Platform diving into social marketing

There has been growing attention on whether platforms like Twitter or Facebook can actually create a relationship between “likers” or “followers” and a company. The answer, technically, is yes. But the interest of someone seeing your post could be as fleeting as the Tweet or status update that caught his or her eye. Your real-time message vanishes in the abyss of other posts — it simply doesn’t have the staying power you need to create a real relationship or genuine following.

But these one-to-two sentence messages do serve a purpose. Twitter and Facebook are part of the rainbow of channels through which you drive the message of who you are and why you’re there. Too often, companies anchor themselves in a single platform to market a product, and they ride the rising and falling roller coaster of popularity.

Second Life (SL) is a good example (remember this?). SL is the 3D world where users download a client to their desktop, spend time creating an “avatar,” then invest more time learning how to float around a virtual world where they visit neighborhoods, chat with other passers-by, and perhaps stop by a “brick and mortar” to “purchase” a product they see in a display case. At first glance, SL runs antithetical to the public relations/marketing rule of making your message accessible. Some would argue you need to jump through a few too many technical hoops to arrive at the position where you hear it. But there are those in the under 40 crowd who give it a market-value presence that needs acknowledgement. SL takes a real-time message, such as a sign or storefront and encourages engagement. But only if you play the “game.” And so, marketers must play a curious game as well, to attract that demographic.

Still, SL’s esoteric nature and ephemeral appeal serves as a warning to never wed yourself to just one platform — especially when you don’t own it. The whole basis of social marketing and networking platforms is that you share them. Distinguishing yourself among others who speak loudly, promote themselves, and who may have little interest in you takes strategy and consistent maintenance.

Platforms you do own, however, are your Web site, your app(s), and your blog. These are your “call to action.” Use all other platforms, such as Twitter, Facebook, Linkedin, etc., to repeat your company mantra and generate interest, always remember to drive your cloud traffic back to the place you call homepage.

So, the question remains: How do you attract, engage, and retain a customer or supporter? Use parts of all of the above. The social mediasphere has many baskets, and it is up to you to distribute the eggs according to your needs. Most importantly, remember that a successful social media presence links platforms together. That’s why they call it “cross-platform” marketing.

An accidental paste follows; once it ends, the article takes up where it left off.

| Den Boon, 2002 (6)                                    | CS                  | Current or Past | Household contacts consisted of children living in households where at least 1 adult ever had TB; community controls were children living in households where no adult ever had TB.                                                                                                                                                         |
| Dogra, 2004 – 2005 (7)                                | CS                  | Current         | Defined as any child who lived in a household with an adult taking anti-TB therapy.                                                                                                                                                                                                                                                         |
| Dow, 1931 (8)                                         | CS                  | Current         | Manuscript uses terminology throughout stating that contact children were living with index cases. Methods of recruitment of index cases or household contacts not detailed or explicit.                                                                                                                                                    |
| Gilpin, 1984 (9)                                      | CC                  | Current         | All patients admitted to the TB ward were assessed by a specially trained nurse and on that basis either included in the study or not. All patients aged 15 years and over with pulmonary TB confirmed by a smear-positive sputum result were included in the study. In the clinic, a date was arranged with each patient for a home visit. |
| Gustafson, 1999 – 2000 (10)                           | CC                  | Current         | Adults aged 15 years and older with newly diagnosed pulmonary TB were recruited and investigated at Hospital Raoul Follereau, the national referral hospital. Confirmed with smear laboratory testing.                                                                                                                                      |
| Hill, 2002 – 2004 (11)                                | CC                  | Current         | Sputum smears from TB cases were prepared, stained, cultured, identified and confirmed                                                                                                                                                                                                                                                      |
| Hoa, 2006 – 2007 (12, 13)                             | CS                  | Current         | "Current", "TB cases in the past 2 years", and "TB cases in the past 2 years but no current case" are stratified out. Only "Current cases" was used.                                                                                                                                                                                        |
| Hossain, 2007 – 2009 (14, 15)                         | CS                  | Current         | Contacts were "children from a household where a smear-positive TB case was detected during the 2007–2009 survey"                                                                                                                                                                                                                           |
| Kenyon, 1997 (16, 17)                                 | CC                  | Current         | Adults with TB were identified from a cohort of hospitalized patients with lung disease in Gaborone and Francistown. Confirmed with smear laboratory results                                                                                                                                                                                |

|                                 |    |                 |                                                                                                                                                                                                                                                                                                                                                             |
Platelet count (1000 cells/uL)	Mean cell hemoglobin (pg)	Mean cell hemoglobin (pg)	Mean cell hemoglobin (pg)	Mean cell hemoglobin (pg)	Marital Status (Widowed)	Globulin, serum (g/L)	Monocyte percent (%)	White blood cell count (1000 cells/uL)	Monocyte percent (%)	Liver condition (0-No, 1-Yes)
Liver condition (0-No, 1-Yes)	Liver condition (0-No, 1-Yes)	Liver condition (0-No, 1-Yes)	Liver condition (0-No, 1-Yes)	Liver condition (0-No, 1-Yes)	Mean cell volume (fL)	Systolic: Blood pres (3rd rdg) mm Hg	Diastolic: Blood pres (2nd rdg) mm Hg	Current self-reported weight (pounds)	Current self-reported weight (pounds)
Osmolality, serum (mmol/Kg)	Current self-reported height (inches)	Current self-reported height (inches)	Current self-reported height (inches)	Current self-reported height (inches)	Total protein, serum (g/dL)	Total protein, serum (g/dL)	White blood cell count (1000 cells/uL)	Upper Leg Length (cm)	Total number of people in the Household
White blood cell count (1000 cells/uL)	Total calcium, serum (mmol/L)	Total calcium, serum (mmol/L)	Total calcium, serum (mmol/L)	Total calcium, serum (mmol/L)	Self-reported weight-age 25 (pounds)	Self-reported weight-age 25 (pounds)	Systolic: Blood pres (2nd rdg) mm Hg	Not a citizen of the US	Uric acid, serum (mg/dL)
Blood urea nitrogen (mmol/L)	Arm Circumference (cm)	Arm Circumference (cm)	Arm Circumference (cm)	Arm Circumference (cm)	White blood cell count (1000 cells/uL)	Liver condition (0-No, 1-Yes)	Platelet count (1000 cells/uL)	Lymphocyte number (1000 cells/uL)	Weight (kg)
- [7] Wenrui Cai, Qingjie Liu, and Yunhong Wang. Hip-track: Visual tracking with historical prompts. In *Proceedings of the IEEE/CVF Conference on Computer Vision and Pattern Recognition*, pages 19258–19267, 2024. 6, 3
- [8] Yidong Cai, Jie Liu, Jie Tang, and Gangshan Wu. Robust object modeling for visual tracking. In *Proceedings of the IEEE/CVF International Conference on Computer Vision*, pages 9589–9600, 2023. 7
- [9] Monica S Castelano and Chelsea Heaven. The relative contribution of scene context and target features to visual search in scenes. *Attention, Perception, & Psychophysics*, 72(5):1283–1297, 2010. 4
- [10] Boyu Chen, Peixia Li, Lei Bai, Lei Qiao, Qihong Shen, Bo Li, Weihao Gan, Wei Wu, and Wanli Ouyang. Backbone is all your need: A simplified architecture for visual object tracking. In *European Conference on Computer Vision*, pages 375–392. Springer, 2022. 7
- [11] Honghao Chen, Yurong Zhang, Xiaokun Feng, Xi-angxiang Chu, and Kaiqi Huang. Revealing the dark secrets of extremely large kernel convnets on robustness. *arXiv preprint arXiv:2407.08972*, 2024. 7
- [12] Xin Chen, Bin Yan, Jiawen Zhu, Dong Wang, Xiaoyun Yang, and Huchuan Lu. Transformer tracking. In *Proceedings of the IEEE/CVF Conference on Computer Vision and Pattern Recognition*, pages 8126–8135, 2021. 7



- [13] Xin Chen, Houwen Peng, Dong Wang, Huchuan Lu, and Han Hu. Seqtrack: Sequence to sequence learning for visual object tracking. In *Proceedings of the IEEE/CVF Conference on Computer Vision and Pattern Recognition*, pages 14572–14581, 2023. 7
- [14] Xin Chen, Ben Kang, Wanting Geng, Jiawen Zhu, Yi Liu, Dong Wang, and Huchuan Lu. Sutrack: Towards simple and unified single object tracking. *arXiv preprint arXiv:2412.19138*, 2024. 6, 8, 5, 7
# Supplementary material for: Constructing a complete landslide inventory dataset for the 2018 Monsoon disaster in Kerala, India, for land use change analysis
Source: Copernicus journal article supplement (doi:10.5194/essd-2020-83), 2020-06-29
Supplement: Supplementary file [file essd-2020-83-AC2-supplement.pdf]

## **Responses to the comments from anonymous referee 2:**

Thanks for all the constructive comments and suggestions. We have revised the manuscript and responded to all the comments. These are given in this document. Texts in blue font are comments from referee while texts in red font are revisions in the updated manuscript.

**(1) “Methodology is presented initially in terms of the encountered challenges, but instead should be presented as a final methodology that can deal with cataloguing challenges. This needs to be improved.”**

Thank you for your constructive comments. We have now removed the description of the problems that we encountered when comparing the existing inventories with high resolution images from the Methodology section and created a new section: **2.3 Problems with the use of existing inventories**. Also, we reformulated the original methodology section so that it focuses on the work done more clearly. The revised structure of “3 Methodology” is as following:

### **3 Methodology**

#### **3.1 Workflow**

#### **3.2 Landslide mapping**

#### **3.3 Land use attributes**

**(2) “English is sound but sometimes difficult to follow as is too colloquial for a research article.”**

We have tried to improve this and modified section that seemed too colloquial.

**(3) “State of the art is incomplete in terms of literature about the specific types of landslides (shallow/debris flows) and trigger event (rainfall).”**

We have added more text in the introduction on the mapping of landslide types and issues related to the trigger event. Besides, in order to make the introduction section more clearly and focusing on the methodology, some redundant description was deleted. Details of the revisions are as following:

Internet Summit/Raleigh: Content is still king

The Internet Summit is here in Raleigh, N.C., this week. Some of the biggest players in the business are talking for two days about, well, how there’s a ton of data out there. One of the big themes is if we don’t use what’s freely available, we’ll lose. In short, if we don’t use the growing list of tools to make online business easier JUST because we think that we’ve got the better cyber mouse trap, we’ll all lose.

Lulu CEO Bob Young (Courtesy: Tech Journal South)

“We don’t need breakthroughs to make [online business] a huge part of our economy,” said Bob Young, founder and CEO Lulu.com. “It already is a huge part of our economy.”

Young was part of a panel discussion, “The Future of the Web,” and one of a bevy of A-list folks from around the country who descended on the Triangle for the summit. He joined others, including Joe Gregorio, a software engineer in developer relations for Google, Rod Smith, vice president, Emerging Internet Technologies at IBM, and a host of others.

Young said that businesses shouldn’t make it hard on themselves. They should do the homework that leads them to the, oftentimes, free business solutions that will make their business grow. In fact, one question from the audience touched on net neutrality.

Young said that the first order of business is to educate Congress on the “whys” and “hows” of ensuring open source information. But, despite asserting that more breakthroughs aren’t the answer, he said that without a clear and open path that will help programmers keep up with the exploding amount of data in cyberspace, people, not just businesses, will suffer.

Young added that he runs his business by letting his designers lead him and not the other way around. He intimated that any new law of control is the wrong choice and that without the freedom to “rethink” the way the Web operates, people like his young designers won’t be able to help him – or anyone else, for that matter.

It’s king, but it has be good, too

Young also said we all suffer if the quality of content isn’t maintained. He said we’re raising a more literate population, thanks to the Web, with more people writing and reading. But, now more than ever, as content is still king, business needs to find the folks who can write well. With that “ton of data out there,” only well written content can ensure significance and relevance to the audience.

“You’re interacting with text,” he said.  “And we need to harness that [potential] by paying people to write good content.”

Now on to day 2 at the Summit!